The many layers and narratives of the Israeli-Palestinian conflict can easily complicate one's understanding of Israel and Hamas' current war in Gaza.
The war, now in its third week, is being waged between the Israeli army and Hamas, a U.S. and Israel-designated terrorist group that politically and militarily controls Gaza.
After a series of ill-fated, temporary cease-fires, the war has no demonstrable sign of ending, with casualties on both sides mounting.
Fareed Zakaria, host of CNN's Fareed Zakaria G.P.S., joined Chris Cuomo on "New Day" Tuesday to break down the factors and causes of the current war, identifying the players, their respective demands, and who should bear responsibility.
(L-R: Netanyahu, Kerry, Meshaal)
Benjamin Netanyahu is the Israeli prime minister. Bibi, as he is known among Israelis, is a long-time hawk and tough hard-liner on Israeli security issues, Zakaria explained.
John Kerry is the U.S. Secretary of State who, according to Zakaria, "never stops trying." His latest attempt at brokering an Israel-Hamas cease-fire stoked controversy domestically and internationally.
Khaled Meshaal is the leader of Hamas, and rules remotely; he is based, among other Hamas officials, in Qatar. "I think he would not stay alive in Gaza," Zakaria said.
WHO'S TO BLAME?
Zakaria believes that, from a short-term perspective, "Hamas originated this conflict."
Rockets fired into sovereign Israeli territory were bound to incite a reaction.
But he also averred that, from a long-term standpoint, Israeli Prime Minister Netanyahu has done essentially no negotiating with Palestinians (namely the Palestinian Authority in the West Bank) to create a long-term peace.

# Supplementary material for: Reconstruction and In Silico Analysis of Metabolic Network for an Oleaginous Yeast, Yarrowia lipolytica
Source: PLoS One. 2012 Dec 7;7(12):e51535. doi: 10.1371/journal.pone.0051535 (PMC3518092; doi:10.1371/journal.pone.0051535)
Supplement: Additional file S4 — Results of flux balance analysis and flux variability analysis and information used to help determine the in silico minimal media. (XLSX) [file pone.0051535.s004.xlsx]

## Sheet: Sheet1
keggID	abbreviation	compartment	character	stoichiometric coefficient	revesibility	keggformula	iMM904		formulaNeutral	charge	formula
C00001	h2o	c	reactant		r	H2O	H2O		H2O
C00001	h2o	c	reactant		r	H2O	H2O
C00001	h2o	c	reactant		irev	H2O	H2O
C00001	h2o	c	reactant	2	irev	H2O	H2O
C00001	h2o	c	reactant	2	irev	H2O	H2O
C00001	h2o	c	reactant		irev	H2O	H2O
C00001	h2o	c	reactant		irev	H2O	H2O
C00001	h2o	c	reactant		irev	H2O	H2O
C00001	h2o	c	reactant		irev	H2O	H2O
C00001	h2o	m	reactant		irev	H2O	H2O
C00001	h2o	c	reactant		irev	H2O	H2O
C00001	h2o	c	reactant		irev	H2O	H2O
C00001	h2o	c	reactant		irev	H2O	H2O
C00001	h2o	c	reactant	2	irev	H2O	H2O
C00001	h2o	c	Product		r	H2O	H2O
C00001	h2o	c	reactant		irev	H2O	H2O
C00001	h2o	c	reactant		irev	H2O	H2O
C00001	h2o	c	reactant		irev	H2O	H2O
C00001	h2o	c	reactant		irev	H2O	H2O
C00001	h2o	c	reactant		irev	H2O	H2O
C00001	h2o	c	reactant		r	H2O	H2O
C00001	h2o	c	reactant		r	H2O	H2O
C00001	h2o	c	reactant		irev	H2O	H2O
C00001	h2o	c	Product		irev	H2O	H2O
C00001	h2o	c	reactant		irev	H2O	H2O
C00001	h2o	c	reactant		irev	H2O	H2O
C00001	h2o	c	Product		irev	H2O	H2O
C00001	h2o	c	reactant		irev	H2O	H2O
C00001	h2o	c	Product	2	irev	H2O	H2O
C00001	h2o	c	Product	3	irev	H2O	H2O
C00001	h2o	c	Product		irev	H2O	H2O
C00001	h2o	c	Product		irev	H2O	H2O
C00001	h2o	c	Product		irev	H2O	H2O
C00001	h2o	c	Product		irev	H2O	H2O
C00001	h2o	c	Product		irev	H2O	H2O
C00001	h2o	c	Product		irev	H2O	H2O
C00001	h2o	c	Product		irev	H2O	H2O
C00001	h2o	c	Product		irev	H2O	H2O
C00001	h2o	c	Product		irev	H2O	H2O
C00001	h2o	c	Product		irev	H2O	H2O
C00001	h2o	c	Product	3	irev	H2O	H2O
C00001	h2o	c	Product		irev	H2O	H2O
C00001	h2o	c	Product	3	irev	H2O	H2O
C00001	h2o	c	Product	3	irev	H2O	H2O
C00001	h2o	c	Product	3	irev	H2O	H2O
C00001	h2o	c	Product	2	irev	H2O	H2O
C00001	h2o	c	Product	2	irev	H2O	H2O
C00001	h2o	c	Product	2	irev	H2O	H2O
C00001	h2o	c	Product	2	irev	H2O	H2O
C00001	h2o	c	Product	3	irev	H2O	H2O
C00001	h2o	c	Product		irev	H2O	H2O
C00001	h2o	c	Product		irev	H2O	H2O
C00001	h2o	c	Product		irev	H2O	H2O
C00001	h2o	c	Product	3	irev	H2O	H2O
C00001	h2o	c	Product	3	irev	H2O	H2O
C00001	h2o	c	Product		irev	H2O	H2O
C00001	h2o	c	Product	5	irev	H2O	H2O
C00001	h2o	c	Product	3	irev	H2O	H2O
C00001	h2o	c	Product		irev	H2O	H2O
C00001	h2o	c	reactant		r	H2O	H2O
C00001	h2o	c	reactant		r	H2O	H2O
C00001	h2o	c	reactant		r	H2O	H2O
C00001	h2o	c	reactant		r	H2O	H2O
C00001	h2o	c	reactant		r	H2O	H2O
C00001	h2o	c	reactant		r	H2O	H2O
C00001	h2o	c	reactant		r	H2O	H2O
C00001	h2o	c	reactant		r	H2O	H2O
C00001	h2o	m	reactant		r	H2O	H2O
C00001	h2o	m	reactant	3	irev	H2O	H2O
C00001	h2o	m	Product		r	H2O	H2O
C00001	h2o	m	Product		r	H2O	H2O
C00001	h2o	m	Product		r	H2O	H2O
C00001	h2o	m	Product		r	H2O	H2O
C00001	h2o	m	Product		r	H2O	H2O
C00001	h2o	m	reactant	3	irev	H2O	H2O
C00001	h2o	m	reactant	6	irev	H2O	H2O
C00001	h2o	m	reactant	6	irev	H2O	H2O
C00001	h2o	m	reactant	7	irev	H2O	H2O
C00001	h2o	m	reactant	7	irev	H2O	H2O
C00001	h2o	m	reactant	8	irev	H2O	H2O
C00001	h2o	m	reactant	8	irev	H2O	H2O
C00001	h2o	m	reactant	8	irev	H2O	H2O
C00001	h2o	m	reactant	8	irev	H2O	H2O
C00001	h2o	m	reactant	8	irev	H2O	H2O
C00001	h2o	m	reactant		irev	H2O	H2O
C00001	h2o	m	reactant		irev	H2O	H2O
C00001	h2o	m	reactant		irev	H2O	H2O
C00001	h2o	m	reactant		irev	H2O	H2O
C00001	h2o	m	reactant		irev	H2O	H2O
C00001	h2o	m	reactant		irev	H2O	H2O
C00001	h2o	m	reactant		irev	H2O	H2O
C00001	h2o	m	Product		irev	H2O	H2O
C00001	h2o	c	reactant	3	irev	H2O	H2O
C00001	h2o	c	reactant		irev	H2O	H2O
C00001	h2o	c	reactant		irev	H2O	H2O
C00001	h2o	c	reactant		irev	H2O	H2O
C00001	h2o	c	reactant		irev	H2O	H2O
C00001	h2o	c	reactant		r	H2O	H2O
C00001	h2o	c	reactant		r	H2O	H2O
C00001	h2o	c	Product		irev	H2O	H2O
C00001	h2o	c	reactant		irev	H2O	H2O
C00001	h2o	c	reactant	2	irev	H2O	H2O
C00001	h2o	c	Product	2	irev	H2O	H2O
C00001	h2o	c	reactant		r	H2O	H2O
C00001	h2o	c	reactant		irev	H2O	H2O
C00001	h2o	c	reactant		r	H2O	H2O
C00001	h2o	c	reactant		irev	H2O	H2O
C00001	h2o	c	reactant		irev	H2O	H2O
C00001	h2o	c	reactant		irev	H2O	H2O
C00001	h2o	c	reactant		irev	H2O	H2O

"What is his strategy?" Zakaria asked.
Kerry, Zakaria said, should not be blamed for the collapse of the cease-fire deals. He tried to create "some kind of process" between the two parties.
What does Israel want?
Israel entered the Gaza operation with a multi-faceted endgame: end rocket fire into Israeli territory, demilitarize Gaza, and dismantle Hamas tunnels.
Constant rocket fire from Gaza paralyzes Israeli society, Zakaria said, and puts Israeli citizens in bomb shelters or under siege.
The range of Hamas rockets has improved over time, and could extend deeper into Israel.
Yet the cessation of rocket fire goes hand-in-hand with Israel's second initiative, Zakaria said - the demilitarization of Gaza.
"In today's world, it is so easy to get small arms, light ammunition, and Hamas has been doing it for decades now," he said.
Perhaps most significantly, the Israeli military is intent on dismantling a complicated network of tunnels built by Hamas.
The tunnels, Zakaria said, are sophisticated and fortified with concrete.
It is not immediately clear, to Zakaria and other international observers, whether the concrete used for the tunnels was intended for other infrastructural purposes in Gaza.
Nonetheless, the Israeli embargo upon Gaza controls the flow of building materials in and out of the small coastal strip, Zakaria noted.
Concrete has universal purposes (i.e. building schools or shelters), and blocking its entry could create a Catch-22 for Israelis.
What does Hamas want?
Hamas' goals are rooted in existentialism, or lack thereof.
Hamas does not recognize Israel's right to exist, placing an obvious snag in the two parties' ability to negotiate with one another.
However, Hamas, as the ruling entity of Gaza, is responsible for providing Gazan citizens with a tenable physical existence.
That existence is challenged by an Israeli siege - "from land, sea, and air," Zakaria said.
The siege makes entry and exit from Gaza immensely difficult, Zakaria explained, and makes necessary goods, like food and medical supplies, more difficult to obtain.
Additionally, calls to end Israel's siege upon Gaza are interwoven with Hamas' demands to end the Israeli occupation of Gaza.
Although Israeli troops withdrew from Gaza in 2005, Zakaria cited international law in defining occupation.
"If you control all access points to an area, you are effectively the occupier, whether or not you actually have physical troops on the ground," he said of Israel.
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